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How to Choose a Consultant

Different types of consulting needs require different types of consulting partners. Are you undertaking a massive, global IT implementation, effecting entire departments in sites around the world? Or are you improving a process and training a department in a newly innovated procedure? Or are you looking for expert strategic support, or coaching and development of your up-and-coming stars?

How to Choose a Consultant Chart

The largest consulting companies in the world implement what they refer to as a “leveraged model”. This is most useful in supporting companies with large-scale implementations and changes, that span many sites and geographies. This model works by using an implementation team comprised of individuals with a variety of skill and experience levels. Usually, an experienced Manager will have a team (from a few individuals to a dozen or more) of relatively cheap and inexperienced consultants. The senior leader, or leaders, is the primary engagement for client leadership and helps plan the engagement, and focus most of their time on ongoing business development. The individual consultants on the project conduct the low-level engagement and carry out the majority of the work. This model works very well for low-complexity, large-scale engagements, in which the consulting firm leverages deliverables from previous engagements with similar approaches. It is a profitable model for the consulting company, as it uses a large number of cheap resources to deliver standardized products.

In order to continue to feed the demand, these companies tend to be aggressive around business development – always trying to grow the scope of an engagement, or find additional opportunities within their client – which in some cases develops into a permanent presence within the client organization and a dependency on the consulting firm.

In addition to these large consulting companies, there are a large number of niche consulting groups who specialize in either a corporate function (such a pharmaceutical R&D, or banking operations) or consulting discipline (such as organization development, or process engineering, or change management). These groups are typically staffed with more experienced consultants, who may have come from the industry which they support or from big-consulting. These groups are frequently very strong in their niche area, and can provide good outsourcing or insourcing support (such as filling vacant roles within an organization) and can often support their clients very well at the tactical level (specific process design). Their biggest limitation is typically their breadth of expertise (very deep skills, but usually not broad) – the very nature of being strong in a specific niche.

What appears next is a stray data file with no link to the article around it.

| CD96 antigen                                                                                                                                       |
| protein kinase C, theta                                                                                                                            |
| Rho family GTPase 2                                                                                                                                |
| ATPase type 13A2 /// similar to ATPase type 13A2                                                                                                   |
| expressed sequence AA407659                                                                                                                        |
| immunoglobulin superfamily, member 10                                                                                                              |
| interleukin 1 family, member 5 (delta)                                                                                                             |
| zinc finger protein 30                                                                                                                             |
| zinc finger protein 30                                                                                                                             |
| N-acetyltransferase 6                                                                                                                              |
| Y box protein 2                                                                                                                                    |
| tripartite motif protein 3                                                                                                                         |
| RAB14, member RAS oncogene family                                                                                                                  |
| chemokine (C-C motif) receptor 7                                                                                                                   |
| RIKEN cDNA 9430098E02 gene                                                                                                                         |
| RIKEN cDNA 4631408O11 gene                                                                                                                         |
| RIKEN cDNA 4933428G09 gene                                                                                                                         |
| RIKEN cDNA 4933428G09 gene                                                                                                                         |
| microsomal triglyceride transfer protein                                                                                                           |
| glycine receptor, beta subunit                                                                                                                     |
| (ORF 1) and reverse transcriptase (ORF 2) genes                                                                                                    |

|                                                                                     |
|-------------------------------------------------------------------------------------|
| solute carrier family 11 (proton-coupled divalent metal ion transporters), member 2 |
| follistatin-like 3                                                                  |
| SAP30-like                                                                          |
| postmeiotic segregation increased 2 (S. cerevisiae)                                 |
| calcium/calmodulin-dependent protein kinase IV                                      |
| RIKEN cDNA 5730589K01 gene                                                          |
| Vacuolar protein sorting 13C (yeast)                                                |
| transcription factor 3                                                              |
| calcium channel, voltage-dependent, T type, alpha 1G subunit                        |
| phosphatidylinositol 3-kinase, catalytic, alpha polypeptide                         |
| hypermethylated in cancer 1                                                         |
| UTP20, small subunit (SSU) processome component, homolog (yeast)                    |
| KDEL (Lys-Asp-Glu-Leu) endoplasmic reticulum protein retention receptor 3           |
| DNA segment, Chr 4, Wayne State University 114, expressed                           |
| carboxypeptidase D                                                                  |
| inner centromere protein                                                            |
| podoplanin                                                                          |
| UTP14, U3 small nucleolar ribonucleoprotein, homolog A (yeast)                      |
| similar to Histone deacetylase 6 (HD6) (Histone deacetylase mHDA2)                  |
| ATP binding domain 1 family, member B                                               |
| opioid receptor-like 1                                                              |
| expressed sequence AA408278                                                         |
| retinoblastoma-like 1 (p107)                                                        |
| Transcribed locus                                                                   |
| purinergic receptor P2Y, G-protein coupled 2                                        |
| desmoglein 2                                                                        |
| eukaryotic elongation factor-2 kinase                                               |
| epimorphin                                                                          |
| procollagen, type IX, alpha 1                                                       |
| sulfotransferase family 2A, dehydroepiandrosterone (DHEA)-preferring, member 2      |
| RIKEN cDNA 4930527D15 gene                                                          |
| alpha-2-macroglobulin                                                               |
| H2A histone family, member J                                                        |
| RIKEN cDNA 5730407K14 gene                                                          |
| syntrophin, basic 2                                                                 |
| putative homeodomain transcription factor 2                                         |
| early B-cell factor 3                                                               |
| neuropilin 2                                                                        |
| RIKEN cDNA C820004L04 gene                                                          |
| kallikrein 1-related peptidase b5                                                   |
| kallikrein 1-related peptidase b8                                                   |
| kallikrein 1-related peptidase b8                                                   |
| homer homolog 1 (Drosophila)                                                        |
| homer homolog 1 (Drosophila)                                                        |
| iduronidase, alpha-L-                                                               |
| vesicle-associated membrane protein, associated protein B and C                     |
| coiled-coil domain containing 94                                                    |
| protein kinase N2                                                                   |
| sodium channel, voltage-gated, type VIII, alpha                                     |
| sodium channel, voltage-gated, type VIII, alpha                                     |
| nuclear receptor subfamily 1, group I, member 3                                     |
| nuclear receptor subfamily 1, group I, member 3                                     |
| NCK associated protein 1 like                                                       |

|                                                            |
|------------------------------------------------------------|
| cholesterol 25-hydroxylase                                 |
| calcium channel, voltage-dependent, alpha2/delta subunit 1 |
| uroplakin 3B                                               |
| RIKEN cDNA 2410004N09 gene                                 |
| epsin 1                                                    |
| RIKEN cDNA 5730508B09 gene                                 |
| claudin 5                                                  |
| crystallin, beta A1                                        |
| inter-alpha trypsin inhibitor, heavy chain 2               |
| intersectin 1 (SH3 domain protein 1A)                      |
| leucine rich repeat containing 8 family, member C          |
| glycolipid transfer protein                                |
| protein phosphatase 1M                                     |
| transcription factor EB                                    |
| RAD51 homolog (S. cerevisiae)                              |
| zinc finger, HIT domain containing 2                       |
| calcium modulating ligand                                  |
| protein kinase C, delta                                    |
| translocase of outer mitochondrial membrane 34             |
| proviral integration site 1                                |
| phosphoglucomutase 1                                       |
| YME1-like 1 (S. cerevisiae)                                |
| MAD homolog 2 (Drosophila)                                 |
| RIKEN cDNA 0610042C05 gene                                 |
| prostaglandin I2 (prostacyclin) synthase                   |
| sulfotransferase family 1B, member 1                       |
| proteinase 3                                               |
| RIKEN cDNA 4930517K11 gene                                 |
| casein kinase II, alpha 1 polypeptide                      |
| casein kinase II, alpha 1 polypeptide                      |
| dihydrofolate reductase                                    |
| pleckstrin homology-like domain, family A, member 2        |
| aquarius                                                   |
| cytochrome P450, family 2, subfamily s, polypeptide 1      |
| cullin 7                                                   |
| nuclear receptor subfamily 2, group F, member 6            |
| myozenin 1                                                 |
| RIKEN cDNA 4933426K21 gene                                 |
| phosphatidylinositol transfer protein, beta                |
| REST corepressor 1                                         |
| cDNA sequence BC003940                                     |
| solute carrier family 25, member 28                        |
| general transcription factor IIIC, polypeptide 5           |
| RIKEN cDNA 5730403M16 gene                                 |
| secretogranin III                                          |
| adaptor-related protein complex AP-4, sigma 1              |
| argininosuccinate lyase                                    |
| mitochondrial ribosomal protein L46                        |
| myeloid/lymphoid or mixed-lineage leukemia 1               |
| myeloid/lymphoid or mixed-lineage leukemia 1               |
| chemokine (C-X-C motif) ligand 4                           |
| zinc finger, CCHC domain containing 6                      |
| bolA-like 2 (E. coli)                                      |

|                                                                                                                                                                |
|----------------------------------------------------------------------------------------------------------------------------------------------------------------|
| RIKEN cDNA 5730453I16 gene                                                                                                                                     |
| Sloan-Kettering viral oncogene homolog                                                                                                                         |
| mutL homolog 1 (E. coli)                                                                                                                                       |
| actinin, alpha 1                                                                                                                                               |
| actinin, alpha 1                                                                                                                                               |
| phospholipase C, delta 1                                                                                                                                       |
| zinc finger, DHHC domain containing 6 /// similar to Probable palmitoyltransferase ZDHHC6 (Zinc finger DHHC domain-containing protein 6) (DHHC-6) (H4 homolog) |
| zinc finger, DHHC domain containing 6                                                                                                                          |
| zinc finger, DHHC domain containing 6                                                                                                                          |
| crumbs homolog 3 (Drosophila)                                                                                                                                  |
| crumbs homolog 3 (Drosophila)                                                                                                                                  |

The third type of consulting model is the independent consultant. In order to be successful as an independent consultant, the individual must have a large amount of professional experience (from either consulting or from industry) and the ability to work well with senior organizational leadership. Typically, independent consultants will develop networks with colleagues, and leverage their colleagues to bring in deep expertise in functions and consulting disciplines. Because of their knowledge and experience (and limited scale), independent consultants are best used for strategic level engagements, point expertise, or coaching engagements.

Each model has an appropriate role, and unique advantages. The key for a client interested in getting consulting support is finding the right partner – whether that be choosing the right company or identifying the right individual. In general, working with an independent consultant affords the highest level of flexibility and customized engagement, while the largest organizations can draw from the largest set of previous deliverables.

So, if you need an innovative approach or a customized engagement, independents are frequently the best to use, while large consulting groups can deliver standardized deliverables in a cost effective manner.

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